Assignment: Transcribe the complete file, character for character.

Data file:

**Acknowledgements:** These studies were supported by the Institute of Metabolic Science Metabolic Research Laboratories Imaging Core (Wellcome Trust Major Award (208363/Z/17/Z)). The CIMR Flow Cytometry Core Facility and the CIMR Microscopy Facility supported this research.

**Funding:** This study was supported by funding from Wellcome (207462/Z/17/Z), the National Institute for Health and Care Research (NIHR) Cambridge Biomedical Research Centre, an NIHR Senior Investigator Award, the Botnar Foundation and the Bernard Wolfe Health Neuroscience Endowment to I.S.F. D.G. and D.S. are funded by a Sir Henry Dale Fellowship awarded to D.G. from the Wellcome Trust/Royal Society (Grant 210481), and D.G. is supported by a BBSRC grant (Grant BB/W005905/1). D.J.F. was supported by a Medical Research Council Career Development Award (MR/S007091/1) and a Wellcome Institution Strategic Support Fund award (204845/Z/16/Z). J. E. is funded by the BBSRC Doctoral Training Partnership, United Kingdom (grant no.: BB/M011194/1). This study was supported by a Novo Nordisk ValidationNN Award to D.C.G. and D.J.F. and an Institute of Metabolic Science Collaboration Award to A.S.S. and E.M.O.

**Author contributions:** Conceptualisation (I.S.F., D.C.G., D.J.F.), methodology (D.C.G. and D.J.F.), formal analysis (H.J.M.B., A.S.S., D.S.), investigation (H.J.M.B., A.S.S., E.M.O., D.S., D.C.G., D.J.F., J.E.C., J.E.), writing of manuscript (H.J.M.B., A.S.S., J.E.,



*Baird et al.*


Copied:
**Acknowledgements:** These studies were supported by the Institute of Metabolic Science Metabolic Research Laboratories Imaging Core (Wellcome Trust Major Award (208363/Z/17/Z)). The CIMR Flow Cytometry Core Facility and the CIMR Microscopy Facility supported this research.

**Funding:** This study was supported by funding from Wellcome (207462/Z/17/Z), the National Institute for Health and Care Research (NIHR) Cambridge Biomedical Research Centre, an NIHR Senior Investigator Award, the Botnar Foundation and the Bernard Wolfe Health Neuroscience Endowment to I.S.F. D.G. and D.S. are funded by a Sir Henry Dale Fellowship awarded to D.G. from the Wellcome Trust/Royal Society (Grant 210481), and D.G. is supported by a BBSRC grant (Grant BB/W005905/1). D.J.F. was supported by a Medical Research Council Career Development Award (MR/S007091/1) and a Wellcome Institution Strategic Support Fund award (204845/Z/16/Z). J. E. is funded by the BBSRC Doctoral Training Partnership, United Kingdom (grant no.: BB/M011194/1). This study was supported by a Novo Nordisk ValidationNN Award to D.C.G. and D.J.F. and an Institute of Metabolic Science Collaboration Award to A.S.S. and E.M.O.

**Author contributions:** Conceptualisation (I.S.F., D.C.G., D.J.F.), methodology (D.C.G. and D.J.F.), formal analysis (H.J.M.B., A.S.S., D.S.), investigation (H.J.M.B., A.S.S., E.M.O., D.S., D.C.G., D.J.F., J.E.C., J.E.), writing of manuscript (H.J.M.B., A.S.S., J.E.,



*Baird et al.*